One of your last chapters is on how individuals can respond to conservatives. What are some key strategies?
Not everyone functions with just one worldview in every aspect of life. Many, if not most, people are primarily either strict or nurturant, but partly the other in some areas of life. I call them bi-conceptuals, since they have in their brains both worldviews – each inhibiting the other – and applying those worldviews to different ranges of issues. With respect to political issues, those who are mostly one, but partly the other, are called “moderates.” But there is no one shared moral or political ideology of the moderate. Moderates differ on what they are moderate about and what their primary worldview is.
The existence of bi-conceptuals is hopeful. Conservatives who hold some progressive policies that are governed by the nurturant worldview, can have that nurturant worldview appealed to and strengthened. But that requires hearing progressive language and thinking progressive thoughts that will strengthen the progressive worldview already there in his or her brain.
In personal interactions, as over the Thanksgiving table with conservative relatives or in your social or business life with colleagues and coworkers, the first thing to realize is that, for the most part, conservatives believe deeply that they are morally right, that they and other conservatives are operating from the right moral principles. They don’t believe that they are immoral, and they don’t believe that right and wrong don’t matter. As moral beings, they want to be treated with respect. And in personal relationships, respect is appropriate.
The question is whether they are bi-conceptual, whether they have partly progressive values. So turn the conversation to an issue defined by nurturance: What have you done, or are you doing, that helps other people or helps your community? What makes you feel good about it? And so on. If there is nurturance there, bring it out and magnify it, and respect it. Try to keep conversation focused on such issues. Don’t try to argue against their conservative positions, and certainly not in their language. Listen. Be patient.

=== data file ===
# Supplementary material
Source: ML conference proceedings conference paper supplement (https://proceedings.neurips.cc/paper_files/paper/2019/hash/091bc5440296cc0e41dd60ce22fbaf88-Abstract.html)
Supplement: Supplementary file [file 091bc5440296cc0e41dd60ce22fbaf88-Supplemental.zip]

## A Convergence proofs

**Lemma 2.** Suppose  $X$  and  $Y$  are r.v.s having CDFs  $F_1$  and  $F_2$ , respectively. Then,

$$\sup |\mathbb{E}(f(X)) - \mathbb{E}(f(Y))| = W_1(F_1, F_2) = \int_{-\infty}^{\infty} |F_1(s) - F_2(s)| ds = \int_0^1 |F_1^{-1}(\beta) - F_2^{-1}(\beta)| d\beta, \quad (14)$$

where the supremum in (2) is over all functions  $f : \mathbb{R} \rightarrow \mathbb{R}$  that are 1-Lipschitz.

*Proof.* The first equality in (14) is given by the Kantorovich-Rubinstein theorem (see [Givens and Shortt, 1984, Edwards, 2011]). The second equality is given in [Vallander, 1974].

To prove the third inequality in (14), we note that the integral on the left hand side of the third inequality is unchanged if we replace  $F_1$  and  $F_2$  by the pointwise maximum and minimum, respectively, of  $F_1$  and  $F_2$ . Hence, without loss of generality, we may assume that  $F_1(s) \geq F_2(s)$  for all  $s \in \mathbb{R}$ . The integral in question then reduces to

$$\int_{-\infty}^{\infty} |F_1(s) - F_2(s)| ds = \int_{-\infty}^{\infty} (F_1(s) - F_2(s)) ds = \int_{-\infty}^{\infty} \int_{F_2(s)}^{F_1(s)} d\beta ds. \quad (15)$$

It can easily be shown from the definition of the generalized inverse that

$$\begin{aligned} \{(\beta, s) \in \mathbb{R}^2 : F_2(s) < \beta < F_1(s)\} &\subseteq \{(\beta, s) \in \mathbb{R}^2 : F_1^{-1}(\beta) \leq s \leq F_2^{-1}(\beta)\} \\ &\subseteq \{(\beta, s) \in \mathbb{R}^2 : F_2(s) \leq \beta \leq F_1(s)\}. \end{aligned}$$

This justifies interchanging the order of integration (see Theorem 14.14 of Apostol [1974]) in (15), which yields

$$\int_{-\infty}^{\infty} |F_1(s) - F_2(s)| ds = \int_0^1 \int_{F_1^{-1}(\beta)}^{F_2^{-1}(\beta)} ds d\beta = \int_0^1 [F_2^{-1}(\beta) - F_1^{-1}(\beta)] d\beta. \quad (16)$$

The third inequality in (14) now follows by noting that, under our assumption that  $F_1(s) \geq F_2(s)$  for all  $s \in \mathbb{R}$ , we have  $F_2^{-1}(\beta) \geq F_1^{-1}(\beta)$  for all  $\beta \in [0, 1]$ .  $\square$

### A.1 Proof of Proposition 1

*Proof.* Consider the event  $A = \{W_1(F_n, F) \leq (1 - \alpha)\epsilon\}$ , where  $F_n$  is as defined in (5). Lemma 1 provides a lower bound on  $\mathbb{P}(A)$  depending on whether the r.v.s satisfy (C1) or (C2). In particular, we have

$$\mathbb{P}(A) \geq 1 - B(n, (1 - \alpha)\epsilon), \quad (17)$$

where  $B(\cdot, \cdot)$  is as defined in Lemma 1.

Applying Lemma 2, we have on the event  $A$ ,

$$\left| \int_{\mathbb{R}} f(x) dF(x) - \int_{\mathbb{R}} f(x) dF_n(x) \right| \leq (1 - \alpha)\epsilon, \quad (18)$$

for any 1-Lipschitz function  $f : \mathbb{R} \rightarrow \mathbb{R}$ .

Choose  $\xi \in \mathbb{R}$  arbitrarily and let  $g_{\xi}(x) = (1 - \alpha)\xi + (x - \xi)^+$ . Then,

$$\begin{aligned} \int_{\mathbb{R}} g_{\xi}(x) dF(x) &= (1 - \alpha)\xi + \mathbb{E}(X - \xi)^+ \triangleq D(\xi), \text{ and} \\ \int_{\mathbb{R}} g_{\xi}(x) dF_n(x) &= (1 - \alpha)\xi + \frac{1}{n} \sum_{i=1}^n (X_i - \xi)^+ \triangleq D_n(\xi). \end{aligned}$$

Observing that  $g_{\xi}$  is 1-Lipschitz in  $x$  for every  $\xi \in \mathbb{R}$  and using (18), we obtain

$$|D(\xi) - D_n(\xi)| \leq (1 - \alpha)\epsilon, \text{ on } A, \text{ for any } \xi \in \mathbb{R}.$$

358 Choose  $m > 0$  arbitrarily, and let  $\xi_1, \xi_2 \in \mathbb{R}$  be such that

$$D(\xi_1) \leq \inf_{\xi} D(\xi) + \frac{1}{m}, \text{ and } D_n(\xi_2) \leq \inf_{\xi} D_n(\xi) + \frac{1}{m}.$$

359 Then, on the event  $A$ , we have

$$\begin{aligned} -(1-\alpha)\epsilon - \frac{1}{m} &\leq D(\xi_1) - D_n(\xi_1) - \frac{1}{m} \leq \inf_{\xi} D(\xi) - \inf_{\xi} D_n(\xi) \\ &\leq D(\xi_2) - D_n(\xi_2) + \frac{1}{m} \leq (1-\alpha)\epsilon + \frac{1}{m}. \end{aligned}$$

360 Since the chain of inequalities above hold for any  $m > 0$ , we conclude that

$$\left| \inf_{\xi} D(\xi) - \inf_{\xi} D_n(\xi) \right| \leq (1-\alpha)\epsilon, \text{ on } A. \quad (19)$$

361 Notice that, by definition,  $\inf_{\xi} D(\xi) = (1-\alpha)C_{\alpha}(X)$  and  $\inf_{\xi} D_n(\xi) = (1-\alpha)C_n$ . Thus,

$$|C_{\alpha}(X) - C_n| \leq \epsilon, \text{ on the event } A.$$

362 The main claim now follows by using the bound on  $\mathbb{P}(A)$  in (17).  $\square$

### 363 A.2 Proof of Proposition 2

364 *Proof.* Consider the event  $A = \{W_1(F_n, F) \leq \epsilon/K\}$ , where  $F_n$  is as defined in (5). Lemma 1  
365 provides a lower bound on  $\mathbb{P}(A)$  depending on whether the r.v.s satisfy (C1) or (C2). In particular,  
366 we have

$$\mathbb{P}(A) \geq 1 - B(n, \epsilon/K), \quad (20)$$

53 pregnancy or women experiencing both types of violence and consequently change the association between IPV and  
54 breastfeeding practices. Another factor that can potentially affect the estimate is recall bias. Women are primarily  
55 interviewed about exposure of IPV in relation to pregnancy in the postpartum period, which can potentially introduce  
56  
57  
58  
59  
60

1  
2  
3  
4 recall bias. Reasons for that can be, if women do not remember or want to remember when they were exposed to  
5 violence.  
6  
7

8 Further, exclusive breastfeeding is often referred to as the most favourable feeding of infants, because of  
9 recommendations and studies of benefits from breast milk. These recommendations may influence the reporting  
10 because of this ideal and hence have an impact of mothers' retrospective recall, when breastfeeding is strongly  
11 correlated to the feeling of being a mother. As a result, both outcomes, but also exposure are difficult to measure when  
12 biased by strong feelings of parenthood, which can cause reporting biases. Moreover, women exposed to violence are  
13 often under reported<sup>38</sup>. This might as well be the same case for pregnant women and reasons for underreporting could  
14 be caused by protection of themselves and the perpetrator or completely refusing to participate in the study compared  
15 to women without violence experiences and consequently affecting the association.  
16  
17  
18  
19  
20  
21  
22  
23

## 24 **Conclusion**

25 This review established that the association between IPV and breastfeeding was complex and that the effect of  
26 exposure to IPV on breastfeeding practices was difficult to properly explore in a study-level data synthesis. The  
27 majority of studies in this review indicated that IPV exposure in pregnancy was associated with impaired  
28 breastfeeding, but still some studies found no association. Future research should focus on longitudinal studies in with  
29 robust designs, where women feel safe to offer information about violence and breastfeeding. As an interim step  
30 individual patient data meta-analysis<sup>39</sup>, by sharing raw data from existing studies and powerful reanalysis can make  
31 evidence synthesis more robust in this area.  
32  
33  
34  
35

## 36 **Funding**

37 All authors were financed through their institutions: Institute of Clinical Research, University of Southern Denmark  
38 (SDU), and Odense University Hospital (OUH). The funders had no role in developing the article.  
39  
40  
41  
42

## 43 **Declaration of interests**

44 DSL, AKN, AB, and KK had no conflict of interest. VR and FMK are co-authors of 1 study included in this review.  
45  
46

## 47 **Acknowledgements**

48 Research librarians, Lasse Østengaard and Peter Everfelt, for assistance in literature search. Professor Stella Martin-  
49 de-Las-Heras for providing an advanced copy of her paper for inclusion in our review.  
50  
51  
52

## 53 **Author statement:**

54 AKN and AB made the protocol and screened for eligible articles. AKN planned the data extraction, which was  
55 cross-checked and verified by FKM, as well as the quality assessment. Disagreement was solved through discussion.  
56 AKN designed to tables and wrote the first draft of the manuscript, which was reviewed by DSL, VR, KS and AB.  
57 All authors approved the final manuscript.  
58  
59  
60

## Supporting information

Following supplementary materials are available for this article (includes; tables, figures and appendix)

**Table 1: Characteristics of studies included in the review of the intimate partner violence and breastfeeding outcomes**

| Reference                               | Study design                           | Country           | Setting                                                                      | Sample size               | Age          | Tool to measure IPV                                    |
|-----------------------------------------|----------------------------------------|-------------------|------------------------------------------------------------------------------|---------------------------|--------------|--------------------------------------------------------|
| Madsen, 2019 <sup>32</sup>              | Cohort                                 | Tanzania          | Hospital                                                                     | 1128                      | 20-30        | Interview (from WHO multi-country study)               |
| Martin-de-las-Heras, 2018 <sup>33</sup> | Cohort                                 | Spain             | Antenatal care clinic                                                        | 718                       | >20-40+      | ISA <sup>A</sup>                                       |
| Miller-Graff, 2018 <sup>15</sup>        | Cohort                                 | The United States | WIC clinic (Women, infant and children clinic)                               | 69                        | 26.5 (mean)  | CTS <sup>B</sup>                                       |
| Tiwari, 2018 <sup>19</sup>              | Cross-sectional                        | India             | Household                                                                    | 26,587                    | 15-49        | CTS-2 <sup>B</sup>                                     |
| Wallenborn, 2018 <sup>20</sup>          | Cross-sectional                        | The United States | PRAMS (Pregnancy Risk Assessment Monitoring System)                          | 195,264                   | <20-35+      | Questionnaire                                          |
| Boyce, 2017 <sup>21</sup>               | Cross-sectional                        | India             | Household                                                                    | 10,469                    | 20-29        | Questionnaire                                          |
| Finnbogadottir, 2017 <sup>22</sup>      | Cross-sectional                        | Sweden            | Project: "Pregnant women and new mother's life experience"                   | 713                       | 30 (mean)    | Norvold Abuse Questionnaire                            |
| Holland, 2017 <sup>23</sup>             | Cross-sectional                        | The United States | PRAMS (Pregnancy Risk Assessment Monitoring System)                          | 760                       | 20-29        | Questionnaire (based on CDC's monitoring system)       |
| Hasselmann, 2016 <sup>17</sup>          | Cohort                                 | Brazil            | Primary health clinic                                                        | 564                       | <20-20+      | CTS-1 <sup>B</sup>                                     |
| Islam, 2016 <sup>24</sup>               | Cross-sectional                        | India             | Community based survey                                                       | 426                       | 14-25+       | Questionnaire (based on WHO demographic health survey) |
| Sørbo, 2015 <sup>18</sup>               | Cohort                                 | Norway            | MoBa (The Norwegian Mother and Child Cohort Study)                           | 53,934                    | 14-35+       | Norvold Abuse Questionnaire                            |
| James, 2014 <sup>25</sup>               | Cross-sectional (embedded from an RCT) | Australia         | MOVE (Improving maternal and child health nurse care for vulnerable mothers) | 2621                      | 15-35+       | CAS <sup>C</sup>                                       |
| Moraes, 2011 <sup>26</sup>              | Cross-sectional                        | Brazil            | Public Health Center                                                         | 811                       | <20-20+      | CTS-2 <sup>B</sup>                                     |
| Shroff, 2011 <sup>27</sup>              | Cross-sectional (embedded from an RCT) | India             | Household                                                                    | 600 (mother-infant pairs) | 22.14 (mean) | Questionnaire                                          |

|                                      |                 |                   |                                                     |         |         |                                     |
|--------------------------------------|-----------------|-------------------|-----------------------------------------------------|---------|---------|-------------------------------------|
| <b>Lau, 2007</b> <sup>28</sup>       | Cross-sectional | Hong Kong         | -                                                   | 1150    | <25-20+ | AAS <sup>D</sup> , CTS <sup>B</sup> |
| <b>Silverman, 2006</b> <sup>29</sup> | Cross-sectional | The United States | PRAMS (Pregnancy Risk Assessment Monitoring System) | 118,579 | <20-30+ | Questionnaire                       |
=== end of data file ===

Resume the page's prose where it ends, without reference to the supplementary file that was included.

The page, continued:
If you must discuss political differences, just be positive, starting with your values and with how you understand freedom and how it arises from citizens working together to provide public resources for everyone. Use your language, not theirs. Stay respectful.
In conclusion, I would like to add something for my fellow Truthout readers. There are deep truths that are known about how brains work, how our unconscious minds work, and the effect of language on the mind and brain. Those are vital truths, because only by mastering and using them can you avoid the traps of laundry list truths, truths that don’t add up to the communication of general progressive values, truths that have given us a Democratic Party that seems not to stand for any overriding value. Lists of truths that are not made meaningful by values are destined to be ignored. Make truths matter. Wed truths to values.